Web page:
As with any story, you need four things: a dynamic main character (you!), conflict (or the rising action of the plotline), climax and resolution.
Take Karen Burn’s advice: “Try to make your stories brief and powerful. You can do this in three short sentences. The first sentence states a problem, the second tells what you did to fix the problem, and the third describes the (good) results. For example you could say, ‘At my last job we were always running out of office supplies. So I created a spreadsheet for our inventory and taught people how to use it. We never ran out of anything after that and it saved everybody a lot of time.’”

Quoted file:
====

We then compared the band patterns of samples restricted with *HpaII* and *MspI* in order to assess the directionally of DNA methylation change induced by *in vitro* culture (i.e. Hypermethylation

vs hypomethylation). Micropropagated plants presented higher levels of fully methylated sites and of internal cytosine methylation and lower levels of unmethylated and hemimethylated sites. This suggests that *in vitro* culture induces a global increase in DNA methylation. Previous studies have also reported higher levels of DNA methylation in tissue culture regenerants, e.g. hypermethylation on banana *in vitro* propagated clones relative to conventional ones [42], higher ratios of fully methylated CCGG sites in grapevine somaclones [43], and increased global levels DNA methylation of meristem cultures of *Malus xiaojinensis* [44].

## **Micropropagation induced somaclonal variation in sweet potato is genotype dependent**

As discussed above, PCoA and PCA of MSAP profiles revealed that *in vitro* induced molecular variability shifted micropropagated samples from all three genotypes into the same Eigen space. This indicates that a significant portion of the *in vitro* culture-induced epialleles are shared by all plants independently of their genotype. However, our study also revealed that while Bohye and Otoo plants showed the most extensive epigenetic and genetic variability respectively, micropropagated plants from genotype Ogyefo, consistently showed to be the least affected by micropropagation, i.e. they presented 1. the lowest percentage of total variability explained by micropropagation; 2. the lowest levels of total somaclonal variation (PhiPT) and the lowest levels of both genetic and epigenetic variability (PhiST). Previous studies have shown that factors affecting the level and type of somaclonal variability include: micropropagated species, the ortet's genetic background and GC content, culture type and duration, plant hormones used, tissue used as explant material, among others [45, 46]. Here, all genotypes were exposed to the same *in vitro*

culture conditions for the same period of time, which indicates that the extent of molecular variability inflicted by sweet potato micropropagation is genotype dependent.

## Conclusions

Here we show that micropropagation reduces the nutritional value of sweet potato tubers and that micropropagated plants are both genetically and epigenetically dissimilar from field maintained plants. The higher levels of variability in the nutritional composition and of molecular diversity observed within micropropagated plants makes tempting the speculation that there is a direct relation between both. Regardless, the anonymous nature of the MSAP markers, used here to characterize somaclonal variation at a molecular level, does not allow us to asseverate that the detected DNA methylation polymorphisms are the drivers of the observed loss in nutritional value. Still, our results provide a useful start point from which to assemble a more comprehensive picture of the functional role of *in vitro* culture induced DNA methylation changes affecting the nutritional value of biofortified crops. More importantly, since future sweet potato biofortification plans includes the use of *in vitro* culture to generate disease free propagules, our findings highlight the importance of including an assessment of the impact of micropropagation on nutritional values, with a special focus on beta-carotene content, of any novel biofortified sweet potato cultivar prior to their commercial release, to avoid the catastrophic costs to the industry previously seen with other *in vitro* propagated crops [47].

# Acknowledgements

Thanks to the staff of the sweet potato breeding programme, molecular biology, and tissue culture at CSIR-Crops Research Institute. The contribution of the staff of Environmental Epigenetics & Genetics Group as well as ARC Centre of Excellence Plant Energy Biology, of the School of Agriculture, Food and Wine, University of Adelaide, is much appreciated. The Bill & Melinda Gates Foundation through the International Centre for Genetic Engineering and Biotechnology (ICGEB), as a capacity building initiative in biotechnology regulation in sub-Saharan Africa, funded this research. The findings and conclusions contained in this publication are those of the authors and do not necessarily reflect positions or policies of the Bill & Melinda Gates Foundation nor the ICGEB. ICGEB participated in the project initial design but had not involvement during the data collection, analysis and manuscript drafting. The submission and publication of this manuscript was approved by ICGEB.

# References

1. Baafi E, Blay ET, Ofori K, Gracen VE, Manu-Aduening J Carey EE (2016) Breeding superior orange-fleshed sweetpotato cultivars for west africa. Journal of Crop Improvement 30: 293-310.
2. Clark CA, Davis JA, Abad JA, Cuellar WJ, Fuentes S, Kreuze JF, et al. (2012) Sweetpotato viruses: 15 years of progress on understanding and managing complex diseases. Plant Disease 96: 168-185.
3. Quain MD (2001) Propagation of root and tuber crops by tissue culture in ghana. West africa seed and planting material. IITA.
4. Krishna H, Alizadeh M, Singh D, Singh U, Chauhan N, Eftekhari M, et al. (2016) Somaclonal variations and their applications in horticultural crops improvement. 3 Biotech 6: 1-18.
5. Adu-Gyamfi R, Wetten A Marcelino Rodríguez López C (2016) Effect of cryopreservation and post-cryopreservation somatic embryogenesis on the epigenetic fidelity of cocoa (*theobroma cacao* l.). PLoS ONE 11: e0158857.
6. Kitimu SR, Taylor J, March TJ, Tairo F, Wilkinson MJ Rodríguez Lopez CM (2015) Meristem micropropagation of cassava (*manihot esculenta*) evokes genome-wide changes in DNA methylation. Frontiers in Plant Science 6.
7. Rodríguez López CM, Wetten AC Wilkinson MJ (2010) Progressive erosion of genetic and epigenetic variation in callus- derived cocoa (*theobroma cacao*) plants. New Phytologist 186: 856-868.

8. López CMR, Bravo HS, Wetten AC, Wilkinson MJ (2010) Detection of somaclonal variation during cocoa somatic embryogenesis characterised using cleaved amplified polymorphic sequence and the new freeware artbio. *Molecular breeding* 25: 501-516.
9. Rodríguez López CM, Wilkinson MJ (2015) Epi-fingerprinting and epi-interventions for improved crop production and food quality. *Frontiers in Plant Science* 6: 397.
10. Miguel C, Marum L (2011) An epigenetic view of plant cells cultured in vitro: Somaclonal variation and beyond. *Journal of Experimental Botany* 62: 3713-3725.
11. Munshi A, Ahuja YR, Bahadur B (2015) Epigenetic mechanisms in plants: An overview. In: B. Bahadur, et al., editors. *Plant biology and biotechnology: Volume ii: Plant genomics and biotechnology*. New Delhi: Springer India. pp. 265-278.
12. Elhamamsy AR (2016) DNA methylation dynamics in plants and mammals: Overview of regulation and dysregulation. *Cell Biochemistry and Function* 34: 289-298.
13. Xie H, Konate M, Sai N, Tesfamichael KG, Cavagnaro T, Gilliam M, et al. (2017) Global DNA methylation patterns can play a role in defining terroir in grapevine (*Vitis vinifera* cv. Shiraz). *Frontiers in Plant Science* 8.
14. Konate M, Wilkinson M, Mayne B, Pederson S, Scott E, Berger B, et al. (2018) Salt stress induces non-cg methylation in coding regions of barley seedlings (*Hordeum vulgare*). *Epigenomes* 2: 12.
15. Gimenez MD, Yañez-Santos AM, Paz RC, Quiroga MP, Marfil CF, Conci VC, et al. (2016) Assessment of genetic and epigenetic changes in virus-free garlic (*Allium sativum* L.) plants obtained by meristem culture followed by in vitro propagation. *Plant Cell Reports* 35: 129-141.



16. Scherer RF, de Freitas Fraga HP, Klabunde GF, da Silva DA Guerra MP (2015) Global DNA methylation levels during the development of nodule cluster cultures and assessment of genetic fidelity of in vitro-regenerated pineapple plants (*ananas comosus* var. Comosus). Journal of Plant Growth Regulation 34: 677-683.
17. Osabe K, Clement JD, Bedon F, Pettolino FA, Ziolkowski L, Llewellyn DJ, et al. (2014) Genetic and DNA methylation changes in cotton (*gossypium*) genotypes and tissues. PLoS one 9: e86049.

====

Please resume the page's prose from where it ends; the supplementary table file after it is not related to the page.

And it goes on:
Create Your Character & Your Plot
You are the main character of your story, and you don’t want to be the antihero or the protagonist that everyone hates. You want to be one of those main characters that everyone adores, admires and is rooting for.
How does your character come across when answering interview questions with storytelling?
- Be Your Character – First things first: The character you create must be authentically you or storytelling in an interview will never work. You know your good qualities. Make sure these come across both in your story and in your person. If you tell your interviewer that you are a leader, while speaking with a timid voice, fidgeting with your hands, and meekly staring at your feet, they’ll see right through you and will never believe your story.